Seawater electrolysis ignites new hope for affordable green hydrogen

Seawater electrolysis ignites new hope for affordable green hydrogen

The writer is a science commentator

Hydrogen has long been viewed as a miracle fuel of the future. It does not appear on its own in nature but is partnered with other elements in compounds such as water and methane. The flammable element, which produces water when burnt, is touted as a potential clean energy source for heating, industrial and agricultural use, and long-distance transport where electrification is difficult.

One way of harvesting it is via electrolysis, which uses electricity to split water into its constituent elements, hydrogen and oxygen. Now researchers in China claim to have produced hydrogen by splitting seawater without the need to desalinate or purify it first, according to a report in Chemistry World.

Since seawater accounts for more than 96 per cent of the world’s water, this could be a significant step on the path to making green hydrogen (that produced using renewable energy) affordably. “What they’ve done is really quite challenging from a chemistry perspective,” explains Professor Alex Cowan, researches sustainable fuels at Liverpool University in the UK, and who last year co-authored a cost-benefit analysis on direct seawater electrolysis. “This technology hits a potential niche market that hasn’t been addressed before.”

Splitting water using electrolysis is relatively straightforward, and is already done in some hydrogen-generating facilities with access to a conventional water supply. The process, which takes place in an electrolyser, electrically separates hydrogen from oxygen and allows the hydrogen to be siphoned off. But with seawater this is more complicated because salt and other impurities can effectively destroy the electrolyser.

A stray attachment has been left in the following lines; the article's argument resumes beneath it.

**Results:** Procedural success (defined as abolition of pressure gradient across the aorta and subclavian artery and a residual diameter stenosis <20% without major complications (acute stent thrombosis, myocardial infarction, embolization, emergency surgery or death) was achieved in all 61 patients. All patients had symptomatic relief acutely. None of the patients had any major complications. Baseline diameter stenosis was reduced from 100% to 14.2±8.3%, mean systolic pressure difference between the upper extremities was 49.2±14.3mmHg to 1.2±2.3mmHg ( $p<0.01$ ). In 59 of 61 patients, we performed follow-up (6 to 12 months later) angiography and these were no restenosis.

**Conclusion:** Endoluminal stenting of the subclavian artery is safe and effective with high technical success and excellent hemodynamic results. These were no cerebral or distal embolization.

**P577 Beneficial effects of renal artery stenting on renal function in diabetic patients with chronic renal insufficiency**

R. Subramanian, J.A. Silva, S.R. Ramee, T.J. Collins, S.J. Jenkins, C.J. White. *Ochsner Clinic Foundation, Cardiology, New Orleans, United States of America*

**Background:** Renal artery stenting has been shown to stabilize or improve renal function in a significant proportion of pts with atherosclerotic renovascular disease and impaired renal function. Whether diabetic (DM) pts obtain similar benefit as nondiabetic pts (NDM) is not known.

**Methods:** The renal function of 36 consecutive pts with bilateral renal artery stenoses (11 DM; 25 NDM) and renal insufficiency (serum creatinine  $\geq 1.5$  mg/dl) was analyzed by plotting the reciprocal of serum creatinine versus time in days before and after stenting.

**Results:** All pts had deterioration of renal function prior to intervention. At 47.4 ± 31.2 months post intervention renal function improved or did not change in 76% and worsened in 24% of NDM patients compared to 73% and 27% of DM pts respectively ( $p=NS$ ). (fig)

One option is to desalinate and purify seawater before processing it — but in some settings that can add cost. Another option is to treat the electrolyser components chemically to avoid corrosion, but that is viewed as impractical.

Now Heping Xie at Shenzhen University and Zongping Shao at Nanjing Tech University have come up with a workaround. They kept the electrolyser separate from the seawater with a waterproof, breathable membrane. A bit like a sieve, the membrane keeps anything other than pure water vapour from entering the electrolyser. As the water vapour is drawn in and converted to hydrogen, more is pulled in from the seawater to take its place. It is, they reported recently in the journal Nature, a self-sustaining system.

The scientists installed a prototype in China’s Shenzhen Bay, and produced more than 1mn litres of hydrogen over 133 days without any reported deterioration. “Running it for more than 3,000 hours sets a new benchmark in stability,” Cowan says.

One potential application could be for offshore wind to power seawater electrolysers, with the resulting hydrogen being transported back to land. A similar idea lies behind the Gigastack project in the Humber estuary, off the northern English coast: offshore wind is being used to power electrolysers, with the hydrogen being used at the Humber refinery.

Hydrogen, which accounts for about 2 per cent of the global energy market, is undergoing something of a renaissance, having been subjected to the same cycle of hope and hype that has characterised research into nuclear fusion. That latter technology is progressing at speed, emphasised by Tuesday’s announcement from the Lawrence Livermore National Laboratory confirming a milestone in energy output.

Unlike fusion, however, commercial hydrogen production already exists, mostly using fossil fuels, such as extraction from methane. The big challenges lie in scaling up, cutting cost and lowering the carbon footprint. Current electrolysers, for example, work at the megawatt, rather than gigawatt, level. The UK’s hydrogen strategy seeks to double the target for low-carbon hydrogen output to 10GW by 2030, as an intermediate step to net zero.

The bid to green the hydrogen industry is leading to strategic bets elsewhere. The Hydrogen Shot initiative was launched in the US last year to bring down the cost of green hydrogen to $1 per kilogramme in a decade. The EU, as part of its hydrogen strategy, has a 10-year plan to build hydrogen infrastructure, including transport networks and fuelling station. The bloc also hopes green hydrogen can replace natural gas in polluting industries like steel production.

Most important, perhaps, the cost of renewable energy needed to produce green hydrogen is falling. It may take another decade to separate the hope from the hype but, for now, the flame for a cleaner, hydrogen-fuelled future has a healthy glow.

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